John Blake is a down-to-earth industrial magician, an exponent of inanimate magic, which is regarded in magical circles as lesser, more common magic than that practiced by Theurgists, who summon demons to do their magic for them and so don’t get their hands dirty.  His normal line of work is in factories and other industrial buildings, where he is employed to ward against things like fires, injuries or accidents, so the request to visit the home of a nobleman is a very unusual one.  But a friend – who happens to be Lady Dalton’s cousin – tells him that the lady is terrified that her stepson is using magic with intent to harm her, and he asks John to visit Raskelf as a favour.  John reluctantly agrees to go, and immediately senses that there’s something not right.  The house is literally drenched In ancient magic, curses and things John doesn’t understand, and even odder is the fact that Thornby seems to be completely immune to his magic.  John’s curiosity is aroused – as are other things, because Thornby, while the epitome of the arrogant, disdainful nobleman, is quite the most beautiful man John has ever seen.

At first, what he sees would seem to support the idea that Thornby is indeed a malevolent force within the household, and he takes little heed of the latter’s insistence that he holds no ill-will towards Lady Dalton and that he is unable to leave the estate.  It’s only when he witnesses first-hand – by marching Thornby forcibly across the estate boundary – the other man’s struggles to return and then watches as horrible wounds appear on his face that he at last comes to realise that there’s something truly sinister at work at Raskelf and to believe that Thornby is an unwitting pawn in a dangerous game… but what exactly is going on and who is pulling the strings?

Lee Welch has created an original, riveting magical fantasy in Salt Magic, Skin Magic, which combines an intriguing, tightly-constructed and high-stakes plot laden with mysticism, magic and suspense with a warm, tender romance between two men at opposite ends of the social spectrum who should, by rights, never have met.  The chemistry between Soren and John is intense right from the start, although neither is happy about the degree to which they’re drawn to the other man; and I loved the evolution of their relationship as it progressed from antagonism and suspicion to trust, affection and soul-deep belief in each other. Their interactions are flirty, funny and tender, and the romance develops in a wholly believable, organic way.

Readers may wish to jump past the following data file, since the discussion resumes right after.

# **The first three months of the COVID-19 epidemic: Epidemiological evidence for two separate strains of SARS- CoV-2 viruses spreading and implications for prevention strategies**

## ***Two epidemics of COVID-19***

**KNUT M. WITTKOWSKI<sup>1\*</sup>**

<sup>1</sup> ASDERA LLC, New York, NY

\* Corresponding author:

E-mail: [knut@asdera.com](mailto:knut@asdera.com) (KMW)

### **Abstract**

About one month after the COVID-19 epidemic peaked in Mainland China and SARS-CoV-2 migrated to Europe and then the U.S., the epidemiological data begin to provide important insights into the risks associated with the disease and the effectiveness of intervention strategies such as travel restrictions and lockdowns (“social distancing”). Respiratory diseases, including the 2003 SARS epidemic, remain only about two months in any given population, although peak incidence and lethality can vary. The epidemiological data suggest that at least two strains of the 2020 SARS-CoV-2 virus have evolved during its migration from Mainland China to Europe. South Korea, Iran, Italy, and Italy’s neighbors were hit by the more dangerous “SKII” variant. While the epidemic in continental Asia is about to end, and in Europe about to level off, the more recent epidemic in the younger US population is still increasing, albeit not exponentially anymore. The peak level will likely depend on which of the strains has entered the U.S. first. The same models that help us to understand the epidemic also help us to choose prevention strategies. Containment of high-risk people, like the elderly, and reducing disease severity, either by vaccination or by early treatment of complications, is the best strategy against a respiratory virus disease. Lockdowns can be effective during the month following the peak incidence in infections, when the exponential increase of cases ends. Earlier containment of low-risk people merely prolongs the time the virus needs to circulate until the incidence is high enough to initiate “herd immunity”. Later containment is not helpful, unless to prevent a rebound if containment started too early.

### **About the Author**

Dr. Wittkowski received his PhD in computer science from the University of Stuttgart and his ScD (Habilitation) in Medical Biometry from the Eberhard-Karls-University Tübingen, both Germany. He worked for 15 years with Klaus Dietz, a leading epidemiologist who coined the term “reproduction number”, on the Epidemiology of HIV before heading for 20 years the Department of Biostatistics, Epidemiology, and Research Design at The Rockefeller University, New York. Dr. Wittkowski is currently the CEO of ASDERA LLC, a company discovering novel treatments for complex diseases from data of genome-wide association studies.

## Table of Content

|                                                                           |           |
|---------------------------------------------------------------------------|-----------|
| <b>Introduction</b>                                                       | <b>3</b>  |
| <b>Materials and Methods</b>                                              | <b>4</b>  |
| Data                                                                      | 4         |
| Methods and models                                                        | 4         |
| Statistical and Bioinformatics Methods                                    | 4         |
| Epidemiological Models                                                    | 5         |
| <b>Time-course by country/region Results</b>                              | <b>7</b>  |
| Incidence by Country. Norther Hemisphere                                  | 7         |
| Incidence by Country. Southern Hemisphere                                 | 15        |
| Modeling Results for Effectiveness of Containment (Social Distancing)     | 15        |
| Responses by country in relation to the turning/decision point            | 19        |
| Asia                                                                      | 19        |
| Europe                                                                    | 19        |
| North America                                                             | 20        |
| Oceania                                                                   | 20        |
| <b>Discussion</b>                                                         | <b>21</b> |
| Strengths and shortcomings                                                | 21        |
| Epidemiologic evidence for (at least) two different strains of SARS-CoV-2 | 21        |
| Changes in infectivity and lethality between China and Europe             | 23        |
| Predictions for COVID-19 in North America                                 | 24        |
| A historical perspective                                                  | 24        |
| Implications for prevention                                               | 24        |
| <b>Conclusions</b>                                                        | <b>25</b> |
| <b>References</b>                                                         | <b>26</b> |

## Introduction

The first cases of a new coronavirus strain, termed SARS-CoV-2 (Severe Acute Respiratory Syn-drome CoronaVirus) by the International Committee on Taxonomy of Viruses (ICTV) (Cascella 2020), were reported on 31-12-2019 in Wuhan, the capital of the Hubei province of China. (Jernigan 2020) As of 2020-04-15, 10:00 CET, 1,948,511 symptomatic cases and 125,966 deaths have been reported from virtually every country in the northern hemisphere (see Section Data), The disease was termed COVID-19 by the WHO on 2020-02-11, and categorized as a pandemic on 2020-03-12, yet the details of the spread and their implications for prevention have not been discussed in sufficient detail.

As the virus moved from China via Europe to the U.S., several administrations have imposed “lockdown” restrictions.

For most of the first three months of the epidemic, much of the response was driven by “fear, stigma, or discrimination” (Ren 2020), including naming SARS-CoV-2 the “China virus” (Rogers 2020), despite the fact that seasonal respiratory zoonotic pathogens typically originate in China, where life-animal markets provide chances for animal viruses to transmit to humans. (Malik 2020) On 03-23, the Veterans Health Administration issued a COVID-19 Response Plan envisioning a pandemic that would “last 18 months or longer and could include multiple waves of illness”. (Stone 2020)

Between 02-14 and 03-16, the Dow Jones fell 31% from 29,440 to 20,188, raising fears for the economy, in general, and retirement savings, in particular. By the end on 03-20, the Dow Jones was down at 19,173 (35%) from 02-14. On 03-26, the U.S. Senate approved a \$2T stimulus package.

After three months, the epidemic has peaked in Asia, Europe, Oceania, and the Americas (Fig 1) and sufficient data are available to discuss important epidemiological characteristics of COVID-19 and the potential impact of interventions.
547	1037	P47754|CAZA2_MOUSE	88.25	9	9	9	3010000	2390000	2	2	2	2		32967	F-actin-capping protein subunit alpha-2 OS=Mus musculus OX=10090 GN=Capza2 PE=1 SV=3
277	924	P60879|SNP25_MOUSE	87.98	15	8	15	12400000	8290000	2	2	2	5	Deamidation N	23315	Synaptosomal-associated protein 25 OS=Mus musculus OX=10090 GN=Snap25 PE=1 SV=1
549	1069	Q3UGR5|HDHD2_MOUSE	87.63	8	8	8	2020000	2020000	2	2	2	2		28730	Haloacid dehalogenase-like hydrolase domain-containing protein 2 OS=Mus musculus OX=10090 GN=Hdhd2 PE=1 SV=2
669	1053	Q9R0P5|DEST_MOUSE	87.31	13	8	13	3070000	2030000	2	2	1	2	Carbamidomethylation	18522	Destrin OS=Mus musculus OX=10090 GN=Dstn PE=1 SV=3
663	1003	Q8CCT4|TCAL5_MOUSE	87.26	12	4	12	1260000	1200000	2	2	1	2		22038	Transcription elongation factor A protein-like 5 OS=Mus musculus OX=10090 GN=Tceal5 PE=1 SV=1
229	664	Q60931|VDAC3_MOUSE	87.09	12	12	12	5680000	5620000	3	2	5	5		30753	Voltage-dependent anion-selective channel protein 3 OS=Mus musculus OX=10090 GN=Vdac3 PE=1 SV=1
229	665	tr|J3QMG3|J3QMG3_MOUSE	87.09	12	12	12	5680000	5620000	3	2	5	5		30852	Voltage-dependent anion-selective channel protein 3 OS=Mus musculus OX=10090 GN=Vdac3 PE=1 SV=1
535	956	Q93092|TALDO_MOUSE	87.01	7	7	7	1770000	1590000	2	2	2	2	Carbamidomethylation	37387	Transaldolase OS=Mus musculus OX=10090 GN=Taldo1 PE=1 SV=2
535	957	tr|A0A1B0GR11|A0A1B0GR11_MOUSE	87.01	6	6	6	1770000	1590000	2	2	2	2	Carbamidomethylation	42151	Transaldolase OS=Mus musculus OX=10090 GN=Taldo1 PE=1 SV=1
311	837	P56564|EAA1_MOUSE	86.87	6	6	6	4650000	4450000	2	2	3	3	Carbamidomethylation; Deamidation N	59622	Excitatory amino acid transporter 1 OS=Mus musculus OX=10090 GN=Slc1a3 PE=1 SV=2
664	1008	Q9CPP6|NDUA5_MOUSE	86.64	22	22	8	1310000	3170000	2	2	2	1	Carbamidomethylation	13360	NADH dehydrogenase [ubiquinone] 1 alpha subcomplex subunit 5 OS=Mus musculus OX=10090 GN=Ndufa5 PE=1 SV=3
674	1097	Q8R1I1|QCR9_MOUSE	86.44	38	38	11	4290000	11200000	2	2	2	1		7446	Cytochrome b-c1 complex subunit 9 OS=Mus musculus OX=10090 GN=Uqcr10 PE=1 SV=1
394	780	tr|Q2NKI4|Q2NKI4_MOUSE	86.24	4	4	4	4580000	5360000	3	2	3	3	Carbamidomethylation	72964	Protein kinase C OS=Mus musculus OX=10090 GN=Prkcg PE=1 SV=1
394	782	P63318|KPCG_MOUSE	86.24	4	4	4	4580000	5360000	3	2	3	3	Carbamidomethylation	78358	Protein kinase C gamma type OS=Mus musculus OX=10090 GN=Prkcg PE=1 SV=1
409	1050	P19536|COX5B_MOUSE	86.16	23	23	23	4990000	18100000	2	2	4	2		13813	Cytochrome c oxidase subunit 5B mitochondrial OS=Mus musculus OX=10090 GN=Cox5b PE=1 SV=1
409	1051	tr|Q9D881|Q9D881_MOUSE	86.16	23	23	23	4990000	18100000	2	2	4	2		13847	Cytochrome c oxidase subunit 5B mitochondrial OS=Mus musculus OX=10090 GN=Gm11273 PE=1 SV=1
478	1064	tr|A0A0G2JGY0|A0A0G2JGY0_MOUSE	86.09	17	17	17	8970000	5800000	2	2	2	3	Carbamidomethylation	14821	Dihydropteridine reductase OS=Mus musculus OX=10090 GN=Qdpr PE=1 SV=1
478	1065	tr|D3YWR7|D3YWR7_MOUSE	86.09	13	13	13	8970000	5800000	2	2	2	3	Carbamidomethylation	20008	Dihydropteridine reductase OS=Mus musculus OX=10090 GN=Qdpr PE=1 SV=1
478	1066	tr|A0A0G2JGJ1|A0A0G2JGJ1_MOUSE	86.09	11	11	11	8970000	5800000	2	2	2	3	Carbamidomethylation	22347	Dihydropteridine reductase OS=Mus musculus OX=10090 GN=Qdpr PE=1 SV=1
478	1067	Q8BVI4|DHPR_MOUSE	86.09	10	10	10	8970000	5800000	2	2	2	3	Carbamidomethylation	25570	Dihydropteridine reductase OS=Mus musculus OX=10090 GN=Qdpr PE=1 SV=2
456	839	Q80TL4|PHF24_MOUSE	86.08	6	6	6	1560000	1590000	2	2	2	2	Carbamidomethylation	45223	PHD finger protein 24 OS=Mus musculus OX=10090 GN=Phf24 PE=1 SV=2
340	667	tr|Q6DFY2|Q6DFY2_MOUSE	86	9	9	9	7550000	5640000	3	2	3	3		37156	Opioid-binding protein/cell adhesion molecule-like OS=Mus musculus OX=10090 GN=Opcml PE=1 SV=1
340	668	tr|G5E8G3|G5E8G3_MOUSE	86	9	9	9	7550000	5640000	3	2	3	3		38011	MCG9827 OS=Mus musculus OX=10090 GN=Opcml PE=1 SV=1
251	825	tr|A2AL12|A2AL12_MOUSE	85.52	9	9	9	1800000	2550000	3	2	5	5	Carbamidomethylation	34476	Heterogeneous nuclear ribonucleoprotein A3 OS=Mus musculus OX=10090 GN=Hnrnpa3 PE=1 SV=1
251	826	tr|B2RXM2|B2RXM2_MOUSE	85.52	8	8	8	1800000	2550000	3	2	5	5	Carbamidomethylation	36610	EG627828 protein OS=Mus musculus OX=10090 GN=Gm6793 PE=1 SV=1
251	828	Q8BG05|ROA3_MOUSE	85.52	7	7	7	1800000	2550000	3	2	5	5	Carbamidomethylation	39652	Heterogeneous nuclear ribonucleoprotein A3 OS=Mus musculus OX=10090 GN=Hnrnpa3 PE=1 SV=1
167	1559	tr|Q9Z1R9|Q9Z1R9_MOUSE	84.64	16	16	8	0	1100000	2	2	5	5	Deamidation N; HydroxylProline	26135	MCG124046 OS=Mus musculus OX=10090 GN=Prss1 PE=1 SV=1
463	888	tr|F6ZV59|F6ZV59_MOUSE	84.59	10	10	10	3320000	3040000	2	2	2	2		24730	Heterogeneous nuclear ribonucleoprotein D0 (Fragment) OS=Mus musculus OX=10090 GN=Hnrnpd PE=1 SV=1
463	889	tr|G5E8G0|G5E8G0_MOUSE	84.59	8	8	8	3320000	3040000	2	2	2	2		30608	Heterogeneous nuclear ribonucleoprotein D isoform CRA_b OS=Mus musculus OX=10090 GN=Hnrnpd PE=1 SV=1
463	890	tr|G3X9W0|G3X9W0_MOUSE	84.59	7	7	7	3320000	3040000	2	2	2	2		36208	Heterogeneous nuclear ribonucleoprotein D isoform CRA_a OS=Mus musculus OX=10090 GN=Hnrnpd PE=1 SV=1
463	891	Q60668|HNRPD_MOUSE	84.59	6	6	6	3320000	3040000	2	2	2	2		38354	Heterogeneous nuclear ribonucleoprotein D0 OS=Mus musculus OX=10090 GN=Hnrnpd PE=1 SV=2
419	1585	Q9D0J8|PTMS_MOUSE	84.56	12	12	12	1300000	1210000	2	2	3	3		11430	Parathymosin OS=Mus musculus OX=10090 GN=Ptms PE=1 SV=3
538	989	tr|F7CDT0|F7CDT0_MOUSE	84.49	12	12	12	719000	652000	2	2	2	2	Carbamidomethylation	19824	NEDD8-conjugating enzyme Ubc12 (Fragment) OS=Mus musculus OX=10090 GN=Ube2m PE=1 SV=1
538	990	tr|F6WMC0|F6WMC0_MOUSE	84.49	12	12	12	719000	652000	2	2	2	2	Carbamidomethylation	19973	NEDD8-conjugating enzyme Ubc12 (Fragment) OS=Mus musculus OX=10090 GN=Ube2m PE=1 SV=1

Salt Magic, Skin Magic is unquestionably one of the most original, compelling books I’ve read this year, and I’m eager to see what Ms. Welch comes up with next.

The Matrimonial Advertisement (Parish Orphans of Devon #1) by Mimi Matthews

This title may be purchased from Amazon

She Wanted Sanctuary…

Helena Reynolds will do anything to escape her life in London, even if that means traveling to a remote cliffside estate on the North Devon coast and marrying a complete stranger. But Greyfriar’s Abbey isn’t the sort of refuge she imagined. And ex-army captain Justin Thornhill–though he may be tall, dark, and devastatingly handsome–is anything but a romantic hero.

He Needed Redemption…

Justin has spent the last two decades making his fortune, settling scores, and suffering a prolonged period of torture in an Indian prison. Now, he needs someone to smooth the way for him with the villagers. Someone to manage his household–and warm his bed on occasion. What he needs, in short, is a wife and a matrimonial advertisement seems the perfect way to acquire one.

Their marriage was meant to be a business arrangement and nothing more. A dispassionate union free from the entanglements of love and affection. But when Helena’s past threatens, will Justin’s burgeoning feelings for his new bride compel him to come to her rescue? Or will dark secrets of his own force him to let her go?

Rating: B-

Author Mimi Matthews has been on my radar ever since the release of her début novel, The Lost Letter in 2017, but this is the first time I’ve read one of her books.  The Matrimonial Advertisement is the first in her Parish Orphans of Devon series, and as the title suggests, the story is a variation on the mail-order-bride theme.  I enjoyed the author’s prose style; Ms. Matthews writes with elegance and precision, and she has created two sympathetic, engaging central characters, but the second half of the novel lacks any real sense of drama or romantic conflict – and what there is, is manufactured.  Ultimately, the great first half isn’t enough to compensate for the weakness of the second, and the story feels unbalanced as a result.